For the first time ever, the Canadian Food Inspection Agency (CFIA) has confirmed bird flu in several Alberta poultry flocks, which is not only devastating to poultry farmers but can have a potential long lasting impact on food production.
I grew up on a broiler-breeder poultry farm in Alberta, producing enough fertilized eggs to supply chicks for roughly one meat-producing broiler farm each week.
That means, shutting down just one broiler breeder farm in Alberta has an impact on 52 farms per year that supply the chicken that ends up on your table.
I don’t want to be alarmist or anything, but you might want to satisfy your chicken cravings now before prices skyrocket.
According to Health Canada, there is no evidence that the avian influenza virus can be transmitted to humans through the consumption of poultry and eggs.
Since the start of April, 23 flocks were confirmed to have the highly pathogenic avian influenza (H5N1) by the CFIA, impacting birds ranging from hatching eggs chicken farms, broiler chicken, commercial egg-layer farms, turkey farms, and backyard flocks.
While commercial poultry producers follow strict biosecurity practices, the airborne virus spreads easily and can infect birds through contamination or ventilation in a barn.
According to the CFIA, infected facilities in Alberta have been placed under quarantine and investigations and movement control measures are ongoing.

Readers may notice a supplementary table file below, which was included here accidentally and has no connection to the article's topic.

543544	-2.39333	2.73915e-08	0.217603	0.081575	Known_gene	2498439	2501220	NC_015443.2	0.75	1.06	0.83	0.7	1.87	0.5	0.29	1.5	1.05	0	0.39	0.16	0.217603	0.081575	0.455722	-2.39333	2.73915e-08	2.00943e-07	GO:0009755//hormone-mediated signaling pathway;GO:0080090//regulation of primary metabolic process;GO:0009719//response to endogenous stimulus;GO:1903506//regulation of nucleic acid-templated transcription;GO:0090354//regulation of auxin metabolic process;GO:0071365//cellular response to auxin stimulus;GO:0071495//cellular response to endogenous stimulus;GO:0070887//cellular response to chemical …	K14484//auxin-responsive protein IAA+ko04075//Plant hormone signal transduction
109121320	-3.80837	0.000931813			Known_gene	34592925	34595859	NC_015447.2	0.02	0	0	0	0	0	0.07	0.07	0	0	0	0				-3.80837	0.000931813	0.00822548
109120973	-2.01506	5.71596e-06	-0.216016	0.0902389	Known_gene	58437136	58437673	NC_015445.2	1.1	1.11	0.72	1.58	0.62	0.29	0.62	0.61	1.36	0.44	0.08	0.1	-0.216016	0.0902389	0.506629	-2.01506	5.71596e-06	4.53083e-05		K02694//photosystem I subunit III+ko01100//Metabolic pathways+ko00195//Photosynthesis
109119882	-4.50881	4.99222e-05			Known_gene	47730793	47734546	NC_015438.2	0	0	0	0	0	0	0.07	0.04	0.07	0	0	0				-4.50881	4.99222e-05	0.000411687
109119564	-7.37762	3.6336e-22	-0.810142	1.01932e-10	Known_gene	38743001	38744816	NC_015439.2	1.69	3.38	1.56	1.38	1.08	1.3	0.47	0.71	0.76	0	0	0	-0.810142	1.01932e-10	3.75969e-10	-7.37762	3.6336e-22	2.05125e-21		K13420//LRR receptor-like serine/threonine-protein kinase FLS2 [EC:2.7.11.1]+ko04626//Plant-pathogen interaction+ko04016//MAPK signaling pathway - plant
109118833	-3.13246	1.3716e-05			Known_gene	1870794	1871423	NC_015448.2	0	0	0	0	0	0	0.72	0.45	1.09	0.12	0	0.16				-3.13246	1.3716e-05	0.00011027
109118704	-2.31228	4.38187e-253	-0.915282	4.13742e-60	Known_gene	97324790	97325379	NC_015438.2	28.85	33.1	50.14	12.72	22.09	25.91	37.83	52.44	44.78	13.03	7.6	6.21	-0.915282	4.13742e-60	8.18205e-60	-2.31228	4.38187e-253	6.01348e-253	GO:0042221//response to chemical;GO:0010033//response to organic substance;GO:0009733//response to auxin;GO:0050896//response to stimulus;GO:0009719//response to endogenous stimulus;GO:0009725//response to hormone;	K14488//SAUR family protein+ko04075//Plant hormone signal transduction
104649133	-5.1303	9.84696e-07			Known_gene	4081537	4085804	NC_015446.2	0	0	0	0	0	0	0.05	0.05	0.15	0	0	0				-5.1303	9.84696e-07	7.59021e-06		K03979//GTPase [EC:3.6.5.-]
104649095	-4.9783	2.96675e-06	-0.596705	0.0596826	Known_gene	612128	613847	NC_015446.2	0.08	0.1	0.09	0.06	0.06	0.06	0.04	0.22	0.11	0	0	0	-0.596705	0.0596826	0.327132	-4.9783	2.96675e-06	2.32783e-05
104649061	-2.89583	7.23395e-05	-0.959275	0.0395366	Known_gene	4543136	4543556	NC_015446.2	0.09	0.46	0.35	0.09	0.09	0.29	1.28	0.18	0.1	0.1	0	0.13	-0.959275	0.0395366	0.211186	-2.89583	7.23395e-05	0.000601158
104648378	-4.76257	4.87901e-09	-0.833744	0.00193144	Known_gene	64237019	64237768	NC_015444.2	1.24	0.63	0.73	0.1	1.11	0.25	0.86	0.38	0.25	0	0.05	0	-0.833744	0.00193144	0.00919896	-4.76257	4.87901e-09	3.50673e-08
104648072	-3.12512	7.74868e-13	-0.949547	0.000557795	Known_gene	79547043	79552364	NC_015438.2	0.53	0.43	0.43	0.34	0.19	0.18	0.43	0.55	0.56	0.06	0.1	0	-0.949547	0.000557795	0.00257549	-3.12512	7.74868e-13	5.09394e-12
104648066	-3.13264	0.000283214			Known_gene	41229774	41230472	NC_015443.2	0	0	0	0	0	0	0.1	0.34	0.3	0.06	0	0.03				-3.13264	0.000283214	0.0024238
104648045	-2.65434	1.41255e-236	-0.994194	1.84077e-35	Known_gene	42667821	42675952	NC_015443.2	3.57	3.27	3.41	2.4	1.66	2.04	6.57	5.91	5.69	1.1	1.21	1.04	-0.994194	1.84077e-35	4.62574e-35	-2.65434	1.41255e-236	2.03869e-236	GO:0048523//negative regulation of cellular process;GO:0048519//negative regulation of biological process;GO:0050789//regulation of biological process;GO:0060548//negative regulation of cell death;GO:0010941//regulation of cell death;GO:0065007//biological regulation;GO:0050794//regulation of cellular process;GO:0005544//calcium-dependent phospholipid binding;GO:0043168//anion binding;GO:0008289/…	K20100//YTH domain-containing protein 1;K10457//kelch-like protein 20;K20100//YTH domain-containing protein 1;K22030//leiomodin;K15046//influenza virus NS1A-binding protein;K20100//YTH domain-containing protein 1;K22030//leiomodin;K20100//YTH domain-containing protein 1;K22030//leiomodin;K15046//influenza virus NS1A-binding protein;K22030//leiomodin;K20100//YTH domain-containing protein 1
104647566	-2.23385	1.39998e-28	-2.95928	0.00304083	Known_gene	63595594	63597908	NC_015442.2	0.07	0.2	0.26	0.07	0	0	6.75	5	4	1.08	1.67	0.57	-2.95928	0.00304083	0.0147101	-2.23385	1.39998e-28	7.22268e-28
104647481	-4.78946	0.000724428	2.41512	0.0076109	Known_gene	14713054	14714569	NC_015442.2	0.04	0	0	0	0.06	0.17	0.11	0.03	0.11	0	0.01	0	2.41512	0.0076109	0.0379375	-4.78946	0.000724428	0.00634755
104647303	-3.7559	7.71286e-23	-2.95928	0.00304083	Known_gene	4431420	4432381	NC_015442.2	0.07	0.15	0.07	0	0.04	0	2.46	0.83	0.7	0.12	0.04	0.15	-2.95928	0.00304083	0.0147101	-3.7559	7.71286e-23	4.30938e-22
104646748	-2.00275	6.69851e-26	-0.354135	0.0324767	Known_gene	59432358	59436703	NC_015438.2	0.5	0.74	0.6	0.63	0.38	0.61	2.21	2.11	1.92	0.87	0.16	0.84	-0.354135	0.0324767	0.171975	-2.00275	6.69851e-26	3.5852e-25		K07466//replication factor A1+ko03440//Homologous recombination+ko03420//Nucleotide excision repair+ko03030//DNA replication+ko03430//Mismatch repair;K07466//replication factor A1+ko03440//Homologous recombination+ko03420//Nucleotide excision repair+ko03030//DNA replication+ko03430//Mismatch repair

While avian influenza is not a significant public health concern for healthy people, according to the CFIA, the virus can decimate an entire flock of commercially produced birds in under a week.
The recent outbreak began last year in Europe and has since spread to the United States and Canada. Cases have also been confirmed in Asia and Africa.
With cases spreading in Ontario, Nova Scotia, Newfoundland and Labrador, as well as Alberta, it is devastating infected commercial farms with its very high mortality rate.
The CFIA has set up its emergency response operations on infected farms in Alberta, carrying out measures including the euthanization of infected and exposed animals, surveillance and tracing, strict quarantine measures, and decontamination of facilities.
With the risk of wild birds carrying the virus migrating to and through Canada in the spring and fall months, backyard hobby flocks and pet birds aren’t safe either.
There is no treatment for birds infected with the disease and bird owners are legally obligated to notify authorities of serious bird diseases like avian influenza.
As a kid, we were constantly told to change our boots and use hand sanitizer when entering barns. There was a good reason behind these small biosecurity measures.
For more information on how to prevent spread or monitor for symptoms, go to inspection.canada.ca and search avian flu.
Masha Scheele is a reporter with the Rocky View Weekly.